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Florida iguanas likely to fall from trees as Arctic chill sweeps US Christmas weekend

Forecasters in Florida are warning of falling iguanas as an Arctic cold front sweeping across the U.S. will likely bring a “hard freeze” to parts of the Sunshine State on Christmas weekend.

Temperatures in Northeast Florida may dip into the low 20s inland and near 30 along the coast, the National Weather Service in Jacksonville said Monday.

The cold-blooded lizards start to get sluggish when temperatures fall below 50 degrees Fahrenheit. 

As temperatures drop lower, iguanas become stiff, with those perching in trees often falling to the ground.

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While the low temperatures stun the invasive reptiles, the iguanas won’t necessarily die. That means many will wake up as temperatures rise.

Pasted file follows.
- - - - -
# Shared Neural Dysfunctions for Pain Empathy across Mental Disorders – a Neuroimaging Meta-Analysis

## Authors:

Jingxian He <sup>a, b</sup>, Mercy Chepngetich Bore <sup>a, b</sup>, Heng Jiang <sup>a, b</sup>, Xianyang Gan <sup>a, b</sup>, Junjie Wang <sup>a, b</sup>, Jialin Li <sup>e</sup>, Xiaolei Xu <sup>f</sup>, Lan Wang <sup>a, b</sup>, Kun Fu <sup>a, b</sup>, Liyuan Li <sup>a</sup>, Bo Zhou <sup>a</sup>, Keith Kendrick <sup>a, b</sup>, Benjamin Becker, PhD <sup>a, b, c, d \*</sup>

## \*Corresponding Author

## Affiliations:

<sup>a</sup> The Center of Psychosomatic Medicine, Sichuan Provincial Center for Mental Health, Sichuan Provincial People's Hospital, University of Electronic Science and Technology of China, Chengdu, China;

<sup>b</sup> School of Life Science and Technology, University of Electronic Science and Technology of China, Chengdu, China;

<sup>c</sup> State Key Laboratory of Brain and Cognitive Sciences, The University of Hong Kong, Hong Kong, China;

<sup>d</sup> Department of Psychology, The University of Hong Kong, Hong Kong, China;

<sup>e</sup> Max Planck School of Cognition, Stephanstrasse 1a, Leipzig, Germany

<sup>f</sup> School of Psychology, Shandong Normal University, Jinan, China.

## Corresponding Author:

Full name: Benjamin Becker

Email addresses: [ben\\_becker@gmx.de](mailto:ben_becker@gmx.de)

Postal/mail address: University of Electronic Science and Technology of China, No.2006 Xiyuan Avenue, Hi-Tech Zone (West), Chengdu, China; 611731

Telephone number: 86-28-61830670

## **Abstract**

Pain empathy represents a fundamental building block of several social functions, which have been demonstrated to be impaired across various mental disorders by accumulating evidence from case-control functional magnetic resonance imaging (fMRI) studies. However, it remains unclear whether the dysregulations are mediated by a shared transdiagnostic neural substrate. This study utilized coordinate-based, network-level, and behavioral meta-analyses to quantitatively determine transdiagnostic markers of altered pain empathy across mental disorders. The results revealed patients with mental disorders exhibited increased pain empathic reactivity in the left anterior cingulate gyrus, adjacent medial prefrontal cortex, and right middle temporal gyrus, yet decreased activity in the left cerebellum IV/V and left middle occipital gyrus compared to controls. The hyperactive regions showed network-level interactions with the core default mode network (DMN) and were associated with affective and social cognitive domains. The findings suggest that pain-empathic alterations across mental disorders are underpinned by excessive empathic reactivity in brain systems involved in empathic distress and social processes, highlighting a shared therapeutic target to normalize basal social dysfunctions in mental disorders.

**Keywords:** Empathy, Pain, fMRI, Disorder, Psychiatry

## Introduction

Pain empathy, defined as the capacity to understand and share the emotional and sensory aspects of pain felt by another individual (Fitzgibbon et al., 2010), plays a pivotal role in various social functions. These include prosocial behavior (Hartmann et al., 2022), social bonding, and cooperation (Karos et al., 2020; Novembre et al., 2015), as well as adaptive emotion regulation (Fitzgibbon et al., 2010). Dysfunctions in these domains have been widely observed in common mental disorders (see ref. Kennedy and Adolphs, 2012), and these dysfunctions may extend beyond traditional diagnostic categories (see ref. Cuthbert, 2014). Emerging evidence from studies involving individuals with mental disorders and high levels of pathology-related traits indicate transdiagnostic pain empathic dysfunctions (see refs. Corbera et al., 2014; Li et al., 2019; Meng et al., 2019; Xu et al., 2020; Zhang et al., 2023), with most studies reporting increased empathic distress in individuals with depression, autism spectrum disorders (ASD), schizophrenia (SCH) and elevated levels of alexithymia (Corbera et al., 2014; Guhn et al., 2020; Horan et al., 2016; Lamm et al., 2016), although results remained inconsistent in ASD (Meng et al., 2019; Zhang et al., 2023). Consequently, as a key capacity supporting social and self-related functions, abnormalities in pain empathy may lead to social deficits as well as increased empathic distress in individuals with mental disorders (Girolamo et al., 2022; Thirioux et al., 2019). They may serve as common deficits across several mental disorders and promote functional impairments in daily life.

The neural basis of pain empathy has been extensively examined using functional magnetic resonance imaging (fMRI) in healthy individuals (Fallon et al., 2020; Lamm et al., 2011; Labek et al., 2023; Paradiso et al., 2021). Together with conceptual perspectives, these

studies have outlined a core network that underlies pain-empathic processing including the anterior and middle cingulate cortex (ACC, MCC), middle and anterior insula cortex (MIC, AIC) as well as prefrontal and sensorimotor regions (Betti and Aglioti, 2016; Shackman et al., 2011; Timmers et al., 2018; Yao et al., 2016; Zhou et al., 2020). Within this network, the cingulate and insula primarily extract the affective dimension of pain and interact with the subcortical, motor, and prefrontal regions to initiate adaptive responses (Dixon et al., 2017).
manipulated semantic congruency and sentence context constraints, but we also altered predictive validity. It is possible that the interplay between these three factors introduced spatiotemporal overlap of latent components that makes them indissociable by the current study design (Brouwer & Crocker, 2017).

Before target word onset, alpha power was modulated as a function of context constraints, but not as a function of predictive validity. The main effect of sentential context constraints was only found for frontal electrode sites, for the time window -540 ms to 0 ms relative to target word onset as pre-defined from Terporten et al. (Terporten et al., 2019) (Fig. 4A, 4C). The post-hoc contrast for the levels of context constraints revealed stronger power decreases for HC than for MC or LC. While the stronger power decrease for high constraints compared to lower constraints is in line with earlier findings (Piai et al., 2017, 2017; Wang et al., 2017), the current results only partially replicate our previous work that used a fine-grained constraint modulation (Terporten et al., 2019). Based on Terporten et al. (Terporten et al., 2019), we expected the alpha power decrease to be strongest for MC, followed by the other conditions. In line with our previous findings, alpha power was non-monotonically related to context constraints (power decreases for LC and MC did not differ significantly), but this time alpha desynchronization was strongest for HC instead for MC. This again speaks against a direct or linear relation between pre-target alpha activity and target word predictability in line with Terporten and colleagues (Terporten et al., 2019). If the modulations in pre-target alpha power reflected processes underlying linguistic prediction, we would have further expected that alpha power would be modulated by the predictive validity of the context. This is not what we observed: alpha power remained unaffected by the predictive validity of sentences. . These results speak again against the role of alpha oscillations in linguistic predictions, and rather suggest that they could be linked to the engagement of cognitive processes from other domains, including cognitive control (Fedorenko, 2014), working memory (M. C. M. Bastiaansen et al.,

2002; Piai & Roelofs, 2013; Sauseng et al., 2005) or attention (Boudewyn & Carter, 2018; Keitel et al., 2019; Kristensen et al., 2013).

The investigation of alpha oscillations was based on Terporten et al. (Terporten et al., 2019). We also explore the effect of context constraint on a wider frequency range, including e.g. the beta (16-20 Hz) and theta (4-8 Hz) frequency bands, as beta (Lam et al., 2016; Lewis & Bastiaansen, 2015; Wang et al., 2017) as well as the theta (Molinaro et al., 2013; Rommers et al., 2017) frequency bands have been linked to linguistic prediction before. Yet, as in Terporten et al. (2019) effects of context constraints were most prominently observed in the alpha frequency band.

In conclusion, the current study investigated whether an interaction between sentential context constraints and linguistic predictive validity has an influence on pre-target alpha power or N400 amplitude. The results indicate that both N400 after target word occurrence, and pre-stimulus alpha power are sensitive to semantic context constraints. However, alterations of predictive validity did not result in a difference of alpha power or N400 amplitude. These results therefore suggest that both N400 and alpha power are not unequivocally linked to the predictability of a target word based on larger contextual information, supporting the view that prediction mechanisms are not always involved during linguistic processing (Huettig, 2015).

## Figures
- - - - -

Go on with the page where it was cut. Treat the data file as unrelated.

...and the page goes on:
Green iguanas are an invasive species and are not native to the Sunshine State, according to the Florida Fish and Wildlife Conservation Commission.

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Iguanas aren’t dangerous or aggressive to humans, but they damage seawalls, sidewalks, landscape foliage and can dig lengthy tunnels. The males can grow to at least 5 feet long and weigh nearly 20 pounds.

The incoming arctic air mass is expected to blow the coldest air of the season across much of the U.S. in the days ahead of Christmas, bringing dangerously cold temperatures and threatening treacherous travel conditions for the holidays.

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